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THORVALDSDOTTIR Rhizoma: MusicWeb-International

THORVALDSDOTTIR Rhizoma: MusicWeb-International | Difficult to label | Scoop.it

This is the debut monograph of Icelandic composer Anna Þorvaldsdóttir (anglicised in most non-Icelandic contexts as Thorvaldsdottir, or Thorvalds for short). She is half a generation younger than Björk Guðmundsdóttir - plain 'Björk' in pop parlance - and writes music a thousand times more interesting whilst being subject of approximately one millionth of the hype - no sign of the Brodsky Quartet on this CD...

 

And yet, by the third listen-through, at least with headphones, what seemed like tundra bleakness or black smoke begins to turn warmer and lighter. This is subtle, rich, atmospheric, meditative - almost transcendental - music of uncommon beauty, predominantly piano and slow-moving, that does not yield its abundant, elaborate secrets to a first audition - and never will to a drive-by ear...

 

With intense, persuasive performances all round, this is a disc offering unusual but ultimately substantial reward for the more adventurous listener.

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Hovda, Eleanor | KFJC On-Line Reviews

A review site created by the DJs and staff of KFJC 89.7 FM in Los Altos Hills, California...

 

the shape of a changing tone, active energy
moving in place, that is also beautiful, the
sounds were chosen with a great deal of care,
notational directions, did not inhibit energy
flow, space between sounds (or movements
or objects) sounds around the sound, move
in “breath” or “process” timing, inhale as
well as exhale melodically for energy flow,
the conductor’s main responsibility is
ensemble flow, dynamic and energy balances
and non-balances, sonic sculpture created
by the string quartet, the “mind and body
energies”, audience: humming, a sound,
once found, should be used again and again,
invisible, like the floor, the light, the space
around, layer sonic textures and energies,
figure-of-eight energy shapes drawn by the
body in space, information in score then
the sound material is already there, long,
speculative conversations, musician,
theorist, and writer, unplanned “like the
wind”, define only part of Eleanor Hovda,
who’s work is presented as anthology;
across these discs, works made for various
ensembles later performed as well as on here,
by Jeannine Wagar’s Prism Players, California
Ear Unit, and more, in addition to Eleanor’s
own proficiency in piano innards, and bowed
cymbal. Humble yet Miss Hovda was a
master writer for every instrument used, as
she made a serious study of each. And the
vocal work wowza, cd 2 track 2 Diamondia
Galas step aside. If Phil Niblok is like Sol
Lewitt, Eleanor Hovda is the deKooning of
renewed perspectives on classical music.
-Eveningly Infinitely Wipes Scrub Sonny Atoms Grizzly Adam

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Starkland: Guy Klucevsek "Multiple Personality" CD

Starkland: Guy Klucevsek "Multiple Personality" CD | Difficult to label | Scoop.it

This “Multiple Personality” CD does indeed reflect an exceptionally wide range of influences and inspirations, Guy’s ever-fertile imagination, his effective arrangements, impeccable musicianship, and genuine musical pleasures from start to finish.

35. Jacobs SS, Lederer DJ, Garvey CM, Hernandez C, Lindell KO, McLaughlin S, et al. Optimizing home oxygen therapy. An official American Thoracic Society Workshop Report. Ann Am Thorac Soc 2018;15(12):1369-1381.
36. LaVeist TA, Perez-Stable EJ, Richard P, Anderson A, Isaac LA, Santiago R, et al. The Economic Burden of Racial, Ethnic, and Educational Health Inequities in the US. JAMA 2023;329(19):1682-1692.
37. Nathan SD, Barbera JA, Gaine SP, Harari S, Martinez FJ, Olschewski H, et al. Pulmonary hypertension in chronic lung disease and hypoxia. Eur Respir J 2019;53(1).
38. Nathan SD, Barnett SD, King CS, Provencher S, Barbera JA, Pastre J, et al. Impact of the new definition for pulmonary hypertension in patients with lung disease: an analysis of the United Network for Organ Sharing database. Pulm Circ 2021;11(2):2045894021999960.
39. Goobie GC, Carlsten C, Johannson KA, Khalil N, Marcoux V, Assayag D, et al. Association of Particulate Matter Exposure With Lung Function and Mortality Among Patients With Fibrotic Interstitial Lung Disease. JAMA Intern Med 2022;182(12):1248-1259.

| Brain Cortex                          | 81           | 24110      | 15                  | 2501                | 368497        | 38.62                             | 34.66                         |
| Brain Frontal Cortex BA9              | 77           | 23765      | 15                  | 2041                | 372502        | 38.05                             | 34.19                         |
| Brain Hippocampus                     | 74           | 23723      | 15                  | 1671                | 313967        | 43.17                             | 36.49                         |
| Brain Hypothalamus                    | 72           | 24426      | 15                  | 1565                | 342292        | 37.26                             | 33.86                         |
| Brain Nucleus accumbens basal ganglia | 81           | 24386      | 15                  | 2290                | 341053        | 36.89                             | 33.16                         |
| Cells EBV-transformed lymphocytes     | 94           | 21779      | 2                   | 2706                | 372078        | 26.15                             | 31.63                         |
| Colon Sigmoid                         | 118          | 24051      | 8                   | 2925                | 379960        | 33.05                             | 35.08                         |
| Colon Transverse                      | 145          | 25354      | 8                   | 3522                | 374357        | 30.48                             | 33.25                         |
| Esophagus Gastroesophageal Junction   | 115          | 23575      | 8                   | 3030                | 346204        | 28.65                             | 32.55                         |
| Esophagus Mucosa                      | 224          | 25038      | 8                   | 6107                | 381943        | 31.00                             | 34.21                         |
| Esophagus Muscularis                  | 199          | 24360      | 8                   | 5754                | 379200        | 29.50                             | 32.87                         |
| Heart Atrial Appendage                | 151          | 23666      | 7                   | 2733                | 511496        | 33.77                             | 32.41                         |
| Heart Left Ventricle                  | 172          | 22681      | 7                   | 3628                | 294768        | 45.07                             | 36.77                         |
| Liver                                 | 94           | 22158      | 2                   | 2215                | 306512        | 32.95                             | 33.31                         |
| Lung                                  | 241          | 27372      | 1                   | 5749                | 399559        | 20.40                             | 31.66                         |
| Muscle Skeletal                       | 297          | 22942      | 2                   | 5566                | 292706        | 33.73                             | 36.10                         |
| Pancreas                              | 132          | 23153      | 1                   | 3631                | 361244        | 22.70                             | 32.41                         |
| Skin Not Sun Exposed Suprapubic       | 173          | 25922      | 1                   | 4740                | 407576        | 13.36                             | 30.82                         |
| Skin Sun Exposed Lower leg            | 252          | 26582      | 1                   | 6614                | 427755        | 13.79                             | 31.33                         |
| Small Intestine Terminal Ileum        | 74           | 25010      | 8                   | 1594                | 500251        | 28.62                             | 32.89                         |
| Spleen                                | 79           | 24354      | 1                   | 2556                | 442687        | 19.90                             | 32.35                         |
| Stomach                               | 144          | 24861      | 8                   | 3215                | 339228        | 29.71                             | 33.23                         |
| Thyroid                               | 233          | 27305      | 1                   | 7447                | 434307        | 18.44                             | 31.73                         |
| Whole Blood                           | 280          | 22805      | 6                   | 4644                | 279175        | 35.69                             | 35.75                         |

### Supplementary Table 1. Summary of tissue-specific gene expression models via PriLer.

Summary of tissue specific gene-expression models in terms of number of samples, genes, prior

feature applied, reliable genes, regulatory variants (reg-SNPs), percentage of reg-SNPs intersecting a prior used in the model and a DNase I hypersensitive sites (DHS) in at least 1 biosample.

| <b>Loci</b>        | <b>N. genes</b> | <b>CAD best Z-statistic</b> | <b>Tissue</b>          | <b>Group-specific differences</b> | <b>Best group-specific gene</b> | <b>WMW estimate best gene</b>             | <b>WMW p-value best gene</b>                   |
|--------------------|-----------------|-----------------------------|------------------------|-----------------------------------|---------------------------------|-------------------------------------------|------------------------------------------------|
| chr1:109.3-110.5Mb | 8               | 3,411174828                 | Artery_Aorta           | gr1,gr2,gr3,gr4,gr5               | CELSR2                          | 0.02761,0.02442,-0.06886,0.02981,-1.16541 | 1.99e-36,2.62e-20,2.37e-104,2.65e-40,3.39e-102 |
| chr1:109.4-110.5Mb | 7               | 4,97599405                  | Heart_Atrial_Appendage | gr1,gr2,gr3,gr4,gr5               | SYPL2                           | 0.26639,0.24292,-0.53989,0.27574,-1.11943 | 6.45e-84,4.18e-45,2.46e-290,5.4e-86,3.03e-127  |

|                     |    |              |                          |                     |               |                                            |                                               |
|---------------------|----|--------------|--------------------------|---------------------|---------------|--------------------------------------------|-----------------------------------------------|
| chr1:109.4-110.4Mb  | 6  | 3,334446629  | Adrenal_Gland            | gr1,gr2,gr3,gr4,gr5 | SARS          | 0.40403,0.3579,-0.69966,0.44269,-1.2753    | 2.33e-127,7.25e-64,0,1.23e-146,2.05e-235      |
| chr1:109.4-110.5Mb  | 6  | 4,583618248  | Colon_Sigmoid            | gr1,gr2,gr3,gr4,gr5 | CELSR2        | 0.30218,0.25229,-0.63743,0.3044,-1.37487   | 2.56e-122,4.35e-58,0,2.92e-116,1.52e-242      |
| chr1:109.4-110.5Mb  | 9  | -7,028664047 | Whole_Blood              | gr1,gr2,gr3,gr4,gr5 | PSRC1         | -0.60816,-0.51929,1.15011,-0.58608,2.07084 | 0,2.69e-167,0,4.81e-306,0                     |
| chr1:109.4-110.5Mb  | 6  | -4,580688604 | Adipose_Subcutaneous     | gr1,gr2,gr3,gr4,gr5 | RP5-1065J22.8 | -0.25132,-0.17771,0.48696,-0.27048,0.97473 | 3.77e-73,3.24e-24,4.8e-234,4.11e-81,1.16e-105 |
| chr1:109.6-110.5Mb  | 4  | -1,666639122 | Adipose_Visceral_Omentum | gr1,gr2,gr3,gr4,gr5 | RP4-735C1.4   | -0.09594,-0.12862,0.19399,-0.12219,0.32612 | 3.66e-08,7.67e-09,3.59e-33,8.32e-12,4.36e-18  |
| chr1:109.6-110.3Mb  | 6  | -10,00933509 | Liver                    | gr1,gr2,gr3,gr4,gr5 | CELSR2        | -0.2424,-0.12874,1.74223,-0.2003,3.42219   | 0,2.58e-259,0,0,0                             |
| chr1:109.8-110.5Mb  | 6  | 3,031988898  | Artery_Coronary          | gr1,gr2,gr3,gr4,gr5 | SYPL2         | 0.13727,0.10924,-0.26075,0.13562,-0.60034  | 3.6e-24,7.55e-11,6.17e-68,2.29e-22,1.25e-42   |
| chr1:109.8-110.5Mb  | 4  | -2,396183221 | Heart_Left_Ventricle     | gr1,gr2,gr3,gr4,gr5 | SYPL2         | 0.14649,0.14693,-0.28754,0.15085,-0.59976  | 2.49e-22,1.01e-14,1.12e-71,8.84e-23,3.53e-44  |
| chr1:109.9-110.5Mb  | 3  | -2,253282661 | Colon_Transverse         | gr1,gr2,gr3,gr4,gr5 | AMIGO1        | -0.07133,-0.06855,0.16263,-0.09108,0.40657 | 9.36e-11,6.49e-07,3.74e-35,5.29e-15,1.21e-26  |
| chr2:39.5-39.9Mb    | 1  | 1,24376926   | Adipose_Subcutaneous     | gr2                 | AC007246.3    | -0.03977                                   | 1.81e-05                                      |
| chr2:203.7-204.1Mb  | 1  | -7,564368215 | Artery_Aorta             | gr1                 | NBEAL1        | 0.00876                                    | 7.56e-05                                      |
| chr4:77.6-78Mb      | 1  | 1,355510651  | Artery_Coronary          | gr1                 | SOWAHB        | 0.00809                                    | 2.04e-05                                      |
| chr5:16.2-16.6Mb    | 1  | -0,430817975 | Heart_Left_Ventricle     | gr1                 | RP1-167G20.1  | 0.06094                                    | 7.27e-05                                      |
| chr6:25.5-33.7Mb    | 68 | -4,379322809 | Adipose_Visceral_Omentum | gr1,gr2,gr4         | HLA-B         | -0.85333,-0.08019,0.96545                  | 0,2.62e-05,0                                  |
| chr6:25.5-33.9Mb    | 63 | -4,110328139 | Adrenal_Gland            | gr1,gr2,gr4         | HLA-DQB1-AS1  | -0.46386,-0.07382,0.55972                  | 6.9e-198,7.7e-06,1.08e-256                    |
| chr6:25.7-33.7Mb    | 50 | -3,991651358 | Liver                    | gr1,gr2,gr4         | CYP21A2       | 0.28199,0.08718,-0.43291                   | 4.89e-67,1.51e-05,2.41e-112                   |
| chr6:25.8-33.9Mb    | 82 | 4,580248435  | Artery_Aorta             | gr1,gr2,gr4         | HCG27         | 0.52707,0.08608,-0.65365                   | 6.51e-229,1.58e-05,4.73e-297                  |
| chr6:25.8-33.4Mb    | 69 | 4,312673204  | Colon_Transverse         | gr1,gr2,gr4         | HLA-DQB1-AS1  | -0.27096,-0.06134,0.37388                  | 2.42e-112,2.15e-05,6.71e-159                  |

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Prism Quartet and Music From China at Weill Recital Hall

Prism Quartet and Music From China at Weill Recital Hall | Difficult to label | Scoop.it

Anyone unfamiliar with the Prism Quartet, a Philadelphia saxophone ensemble, and Music From China, a New York group formed to preserve and promote traditional Chinese music, might assume that they had precious little in common. But these industrious ensembles, both founded in 1984, share a mission to expand their repertories and an insatiable hunger for new music. Considering the proliferation of Chinese-born composers in Western concert music, perhaps it was inevitable that their paths would cross.

 

Prism and Music From China toured together in 2009 and documented their shared repertory with “Antiphony,” a noteworthy album on the Innova label.

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What KFJC has added to their library and why...

What KFJC has added to their library and why... | Difficult to label | Scoop.it

Lots of innova content lovingly heard and described: A review site created by the DJs and staff of KFJC 89.7 FM in Los Altos Hills, California...

 

"Enjoy this aural adventure that celebrates the coexistence of ambient sound and human creation."

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What is the “Sound” of Duluth? | Reviler

What is the “Sound” of Duluth? | Reviler | Difficult to label | Scoop.it
Philip Blackburn captures the atmosphere of the taconite city in a way no rock band ever could...

 

Not to sound like an old saw . . . but this is a perfect realm for experimentalism—like the combination of found-sound manipulation and abstract choral music of Philip Blackburn. Blackburn is a UK-born “environmental sound artist” who’s been doing much of the album production work for the fabulous and under-appreciated innova record label based in St. Paul. After about 20 years with innova, the label is releasing what amounts to Blackburn’s “debut album,” Ghostly Psalms (due out February 28). The lead-off track from the album is “Duluth Harbor Serenade,” an 8-minute wander along the shore of Lake Superior and the up the cobblestone avenues of the taconite city.

 

“Duluth Harbor Serenade” is a montage of found sounds mingled with immersive public performances in the city. (Watch the video below.) The shrill bellows of fog horns, piercing wail of ambulance sirens, and tolls of church bells comingle with the laughter of school children, buzzing chainsaws, an impromptu street-corner choral arrangement, lapping waves, and random loud instruments played and recorded simultaneously throughout the city. According to innova, the composition was “heard over several miles.”

 

Blackburn’s serenade is, I think, the perfect example of music capturing the “sound” of a city.